CANBERRA OBSERVED: News Weekly
How Rudd could avoid climate change backlash
, August 2, 2008
Climate change reform will be even less popular if voters suspect that it only a symbolic gesture.The Rudd Government's Green Paper on climate change seeks to strike a balance between "doing something" on climate change and ensuring that voters are not penalised to the point that they will turn on Labor at the next election.
In the process, it has incensed green groups and set off a chorus of complaint among potentially affected businesses in industries which are now demanding compensation.
Kevin Rudd appears to have realised his tenure as Prime Minister depends on how adroitly he handles the politics of climate change.
He will be pleased with the result so far, and initial polls suggest that the Government has not been harmed by its plans to set up a modest carbon cap-and-trade system.Green demands
Past experiences have shown that, no matter what concessions are made, the Greens will never be satisfied and the Government would be making a serious error of judgment if it bowed to their demands on curbing carbon emissions.
Sections of business too have shown they are willing to try to extract large amounts of taxpayers' money with threats of shutting down their operations in Australia if that money is not forthcoming.
As time goes on, and as other countries prevaricate and procrastinate on climate change, Mr Rudd is likely to further dilute Australia's "actions" on climate change.
Voters are also starting to realise that any Australian effort to combat climate change will actually do little, if nothing, concrete because we contribute just 1.4 per cent of the world's human-induced greenhouse gases.
The Government has already prudently decided to reject key elements of Professor Ross Garnaut's report.
Instead, it has decided to offer direct assistance to coal-fuelled electricity generators, exclude agriculture from the scheme altogether for several years, and reduce petrol taxes for the first three years of the scheme.
It has warned that the price of electricity and gas will rise and that there will be a flow-on effect to groceries - but maintains that the price hikes will be relatively small, and that low-income earners will be compensated.
Yet groups which are in favour of dramatically curbing Australia's greenhouse gases are urging the Rudd Government to be much more "courageous", arguing that voters will reward them for bold and forward-thinking policy decisions of which climate change is the most pressing.
One of the great myths of Australian politics is being perpetuated by these people - that governments are rewarded at the ballot box for being reformist.
Senior commentator at The Australian
, George Megalogenis, warned recently that Kevin Rudd was "on the edge of a reform malaise".
"From the moment the Hawke Labor Government floated the dollar in December 1983, one or more blocs in the community have cried reform fatigue," Megalogenis wrote.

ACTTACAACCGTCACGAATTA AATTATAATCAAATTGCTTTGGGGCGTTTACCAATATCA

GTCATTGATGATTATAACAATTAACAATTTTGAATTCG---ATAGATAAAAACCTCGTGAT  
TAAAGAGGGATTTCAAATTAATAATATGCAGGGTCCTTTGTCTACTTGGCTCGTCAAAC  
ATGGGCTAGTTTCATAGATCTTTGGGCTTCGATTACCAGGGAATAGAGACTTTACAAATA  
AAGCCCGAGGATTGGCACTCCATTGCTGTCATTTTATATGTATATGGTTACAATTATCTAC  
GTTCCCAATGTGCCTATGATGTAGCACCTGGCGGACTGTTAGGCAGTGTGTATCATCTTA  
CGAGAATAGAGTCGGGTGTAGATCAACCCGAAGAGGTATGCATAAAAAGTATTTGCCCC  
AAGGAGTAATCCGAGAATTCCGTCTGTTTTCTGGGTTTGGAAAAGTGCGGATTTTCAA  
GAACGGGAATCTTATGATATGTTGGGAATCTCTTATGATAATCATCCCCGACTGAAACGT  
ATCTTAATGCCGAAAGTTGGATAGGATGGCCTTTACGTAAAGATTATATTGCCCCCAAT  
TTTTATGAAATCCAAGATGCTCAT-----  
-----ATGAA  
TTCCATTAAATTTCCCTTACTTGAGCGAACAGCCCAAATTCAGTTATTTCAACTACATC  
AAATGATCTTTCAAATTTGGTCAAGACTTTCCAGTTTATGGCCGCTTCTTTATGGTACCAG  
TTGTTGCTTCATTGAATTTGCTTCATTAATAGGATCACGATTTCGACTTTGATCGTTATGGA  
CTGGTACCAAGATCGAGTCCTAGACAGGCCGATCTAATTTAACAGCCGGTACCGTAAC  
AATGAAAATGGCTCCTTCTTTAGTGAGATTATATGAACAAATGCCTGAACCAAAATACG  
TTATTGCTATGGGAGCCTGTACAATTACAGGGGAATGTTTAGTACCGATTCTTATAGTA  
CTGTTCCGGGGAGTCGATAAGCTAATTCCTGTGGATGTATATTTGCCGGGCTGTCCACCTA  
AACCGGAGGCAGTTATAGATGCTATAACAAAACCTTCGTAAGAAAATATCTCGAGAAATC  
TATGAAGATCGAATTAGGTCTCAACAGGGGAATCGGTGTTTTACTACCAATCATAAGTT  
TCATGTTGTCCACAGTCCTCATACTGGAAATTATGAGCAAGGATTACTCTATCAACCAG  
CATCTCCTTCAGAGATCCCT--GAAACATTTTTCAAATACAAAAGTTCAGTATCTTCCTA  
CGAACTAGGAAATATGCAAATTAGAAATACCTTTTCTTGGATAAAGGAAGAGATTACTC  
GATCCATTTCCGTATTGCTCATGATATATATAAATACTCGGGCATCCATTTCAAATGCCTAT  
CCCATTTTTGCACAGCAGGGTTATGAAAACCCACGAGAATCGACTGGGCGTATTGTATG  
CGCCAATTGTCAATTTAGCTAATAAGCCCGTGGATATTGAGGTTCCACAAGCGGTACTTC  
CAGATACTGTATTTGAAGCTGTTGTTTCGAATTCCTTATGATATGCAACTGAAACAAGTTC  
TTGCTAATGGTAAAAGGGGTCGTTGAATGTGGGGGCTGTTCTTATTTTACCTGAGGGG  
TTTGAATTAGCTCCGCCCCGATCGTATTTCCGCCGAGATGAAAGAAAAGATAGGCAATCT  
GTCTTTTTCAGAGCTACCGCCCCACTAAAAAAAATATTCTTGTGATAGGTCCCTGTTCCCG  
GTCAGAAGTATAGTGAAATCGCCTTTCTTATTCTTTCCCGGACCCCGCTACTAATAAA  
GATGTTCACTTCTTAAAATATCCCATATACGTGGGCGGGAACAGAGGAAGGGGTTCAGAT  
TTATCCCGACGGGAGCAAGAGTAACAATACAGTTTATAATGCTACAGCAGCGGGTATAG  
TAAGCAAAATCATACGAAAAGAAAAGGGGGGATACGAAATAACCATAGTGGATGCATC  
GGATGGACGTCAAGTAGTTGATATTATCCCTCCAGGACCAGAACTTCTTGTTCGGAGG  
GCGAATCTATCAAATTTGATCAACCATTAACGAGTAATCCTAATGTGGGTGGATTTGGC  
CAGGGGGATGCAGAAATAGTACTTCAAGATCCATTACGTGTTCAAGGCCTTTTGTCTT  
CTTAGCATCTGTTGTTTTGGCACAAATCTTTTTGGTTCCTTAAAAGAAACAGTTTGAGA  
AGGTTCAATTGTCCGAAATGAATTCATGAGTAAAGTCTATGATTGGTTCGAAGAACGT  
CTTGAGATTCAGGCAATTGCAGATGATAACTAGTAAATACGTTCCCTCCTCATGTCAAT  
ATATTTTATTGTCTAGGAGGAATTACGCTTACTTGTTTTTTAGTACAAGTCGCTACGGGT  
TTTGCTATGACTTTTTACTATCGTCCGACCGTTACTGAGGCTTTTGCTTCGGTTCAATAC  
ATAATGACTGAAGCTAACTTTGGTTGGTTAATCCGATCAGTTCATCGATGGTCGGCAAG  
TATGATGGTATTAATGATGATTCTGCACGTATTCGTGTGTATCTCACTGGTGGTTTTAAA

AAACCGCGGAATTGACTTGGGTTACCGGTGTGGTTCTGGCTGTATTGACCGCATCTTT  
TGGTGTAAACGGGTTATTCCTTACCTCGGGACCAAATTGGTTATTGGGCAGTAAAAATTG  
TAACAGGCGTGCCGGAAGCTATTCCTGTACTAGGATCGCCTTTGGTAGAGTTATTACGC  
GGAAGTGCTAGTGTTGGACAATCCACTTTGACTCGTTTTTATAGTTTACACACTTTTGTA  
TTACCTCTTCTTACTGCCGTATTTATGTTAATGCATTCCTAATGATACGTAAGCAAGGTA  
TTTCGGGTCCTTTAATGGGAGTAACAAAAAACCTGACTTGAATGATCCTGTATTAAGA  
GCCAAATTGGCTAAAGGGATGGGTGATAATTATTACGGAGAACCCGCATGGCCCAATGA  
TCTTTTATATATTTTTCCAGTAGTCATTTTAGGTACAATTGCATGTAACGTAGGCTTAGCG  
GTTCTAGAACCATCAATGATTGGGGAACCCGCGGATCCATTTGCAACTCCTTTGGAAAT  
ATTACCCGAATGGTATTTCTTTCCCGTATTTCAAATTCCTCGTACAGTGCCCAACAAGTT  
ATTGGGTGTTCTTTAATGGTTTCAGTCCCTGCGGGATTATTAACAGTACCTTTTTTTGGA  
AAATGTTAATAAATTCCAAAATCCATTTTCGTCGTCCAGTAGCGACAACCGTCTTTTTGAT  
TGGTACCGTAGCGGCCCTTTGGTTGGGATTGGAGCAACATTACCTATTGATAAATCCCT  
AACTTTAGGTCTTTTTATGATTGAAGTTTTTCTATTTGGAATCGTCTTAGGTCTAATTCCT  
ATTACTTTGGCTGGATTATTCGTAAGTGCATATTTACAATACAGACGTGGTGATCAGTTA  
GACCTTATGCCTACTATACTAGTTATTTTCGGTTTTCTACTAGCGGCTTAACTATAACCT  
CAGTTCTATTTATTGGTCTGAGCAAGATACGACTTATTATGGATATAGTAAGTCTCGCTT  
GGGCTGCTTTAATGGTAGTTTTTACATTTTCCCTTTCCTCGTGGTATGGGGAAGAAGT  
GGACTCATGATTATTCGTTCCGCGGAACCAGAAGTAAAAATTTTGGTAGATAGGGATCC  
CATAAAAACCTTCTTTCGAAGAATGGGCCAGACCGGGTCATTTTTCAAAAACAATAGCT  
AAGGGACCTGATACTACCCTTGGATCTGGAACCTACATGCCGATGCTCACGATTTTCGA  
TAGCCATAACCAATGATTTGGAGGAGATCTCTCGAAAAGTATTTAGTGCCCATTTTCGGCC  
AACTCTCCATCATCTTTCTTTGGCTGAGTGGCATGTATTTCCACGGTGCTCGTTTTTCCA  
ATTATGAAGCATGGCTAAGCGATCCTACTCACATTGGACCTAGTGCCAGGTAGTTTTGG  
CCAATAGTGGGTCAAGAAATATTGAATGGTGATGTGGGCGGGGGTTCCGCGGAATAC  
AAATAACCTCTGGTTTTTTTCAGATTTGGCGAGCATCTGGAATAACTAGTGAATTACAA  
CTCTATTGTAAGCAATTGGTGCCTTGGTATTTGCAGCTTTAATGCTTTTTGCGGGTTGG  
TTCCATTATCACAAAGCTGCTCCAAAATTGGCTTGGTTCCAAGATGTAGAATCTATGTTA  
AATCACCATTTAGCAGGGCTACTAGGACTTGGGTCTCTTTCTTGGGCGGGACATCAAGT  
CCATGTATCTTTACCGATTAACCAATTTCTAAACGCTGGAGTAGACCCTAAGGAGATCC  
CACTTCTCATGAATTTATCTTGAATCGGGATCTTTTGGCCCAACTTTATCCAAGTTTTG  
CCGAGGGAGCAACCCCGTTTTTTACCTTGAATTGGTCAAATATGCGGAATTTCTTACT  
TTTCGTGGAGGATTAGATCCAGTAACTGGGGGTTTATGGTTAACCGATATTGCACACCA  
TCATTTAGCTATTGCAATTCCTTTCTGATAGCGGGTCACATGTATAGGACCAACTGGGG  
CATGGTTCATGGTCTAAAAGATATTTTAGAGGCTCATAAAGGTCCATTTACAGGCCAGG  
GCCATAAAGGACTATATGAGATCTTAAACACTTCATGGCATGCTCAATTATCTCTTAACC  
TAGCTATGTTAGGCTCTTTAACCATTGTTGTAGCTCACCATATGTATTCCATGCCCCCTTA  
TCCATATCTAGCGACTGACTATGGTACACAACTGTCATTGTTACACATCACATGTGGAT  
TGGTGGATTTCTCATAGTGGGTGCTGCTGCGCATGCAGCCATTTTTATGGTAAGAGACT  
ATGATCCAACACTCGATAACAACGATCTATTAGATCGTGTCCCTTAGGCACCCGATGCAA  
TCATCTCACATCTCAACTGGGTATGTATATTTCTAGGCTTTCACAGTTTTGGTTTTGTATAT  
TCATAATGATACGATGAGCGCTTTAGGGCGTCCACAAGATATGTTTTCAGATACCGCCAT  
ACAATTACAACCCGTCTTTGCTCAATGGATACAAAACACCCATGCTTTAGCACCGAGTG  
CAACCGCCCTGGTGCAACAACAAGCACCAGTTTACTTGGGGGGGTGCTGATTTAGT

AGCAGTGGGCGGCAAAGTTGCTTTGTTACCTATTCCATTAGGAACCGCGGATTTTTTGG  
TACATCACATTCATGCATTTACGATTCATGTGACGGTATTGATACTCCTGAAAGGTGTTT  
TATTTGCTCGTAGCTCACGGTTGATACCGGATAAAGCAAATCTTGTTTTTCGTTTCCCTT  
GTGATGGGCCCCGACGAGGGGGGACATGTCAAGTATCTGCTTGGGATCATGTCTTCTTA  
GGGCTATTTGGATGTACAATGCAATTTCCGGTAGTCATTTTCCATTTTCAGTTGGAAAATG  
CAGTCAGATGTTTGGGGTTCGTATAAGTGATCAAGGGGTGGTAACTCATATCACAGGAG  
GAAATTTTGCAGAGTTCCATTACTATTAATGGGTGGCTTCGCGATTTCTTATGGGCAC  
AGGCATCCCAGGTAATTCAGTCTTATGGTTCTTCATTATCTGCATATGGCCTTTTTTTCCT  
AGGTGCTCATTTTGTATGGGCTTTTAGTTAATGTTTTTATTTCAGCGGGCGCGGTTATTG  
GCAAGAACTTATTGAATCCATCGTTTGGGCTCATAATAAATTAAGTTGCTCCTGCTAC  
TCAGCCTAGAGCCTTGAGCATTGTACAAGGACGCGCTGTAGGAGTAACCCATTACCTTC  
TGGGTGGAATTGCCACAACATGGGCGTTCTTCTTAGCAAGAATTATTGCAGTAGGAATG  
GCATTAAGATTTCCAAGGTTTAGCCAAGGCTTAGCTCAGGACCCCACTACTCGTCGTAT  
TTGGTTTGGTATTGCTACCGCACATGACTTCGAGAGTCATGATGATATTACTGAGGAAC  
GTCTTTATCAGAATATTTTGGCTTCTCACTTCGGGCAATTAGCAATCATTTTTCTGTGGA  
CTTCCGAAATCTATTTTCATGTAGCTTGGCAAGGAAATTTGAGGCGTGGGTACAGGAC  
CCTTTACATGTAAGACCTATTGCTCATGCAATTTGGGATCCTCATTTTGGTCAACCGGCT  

"But in the nine elections since then, government has changed hands just twice, in 1996 and last year.
"Only one reform failed to pass muster in that time, WorkChoices. The rest, from deregulation of the financial sector, to tariff cuts, to the GST, saw the party implementing the reform re-elected again and again."
In fact, John Howard lost more than a dozen seats and came within a whisker of losing the 1998 election with his proposed GST reform.
And he may have lost the 2001 election had it not been for the fortuitous arrival of the Tampa
Premier Jeff Kennett's "reforms" in Victoria included selling the state's trains and trams, power stations and gas corporation, closing down hundreds of schools and dismissing 50,000 public servants. He lost government after just two terms, ignominiously thrown out of office. The Liberals in that state have never recovered.
Similarly, former Labor leader Paul Keating "burnt" Labor's blue-collar heartland by decisions to sell off the Commonwealth Bank, CSL and Qantas.
True, Mr Keating won the "unwinnable" 1993 election, but only because his opponent Dr John Hewson was offering voters a raft of even more radical reforms including a 15 per cent GST, abolition of Medicare bulk-billing, abolition of awards, and cutting out the dole after nine months.
Whatever the merits or otherwise of reforms such as privatisation, cutting tariffs and competition policy, the one thing that can be said about them is that they are not popular.Vote-destroyers
This is not to say governments should do nothing or fail to govern in the national interest. But they need to be realistic and alert to the fact that every "reform" proposed by the Treasury and economic rationalists is a vote-destroyer.
The climate change reform will be the least popular of all because voters will eventually twig that it is a symbolic gesture.
Mr Rudd, who is a master of using spin and symbolism, knows this better than anyone.
He will continue to talk tough about climate change and making the hard decisions, but the actual effect on the environment will be minimal, while enormous efforts will be made to minimise the pain in the electorate.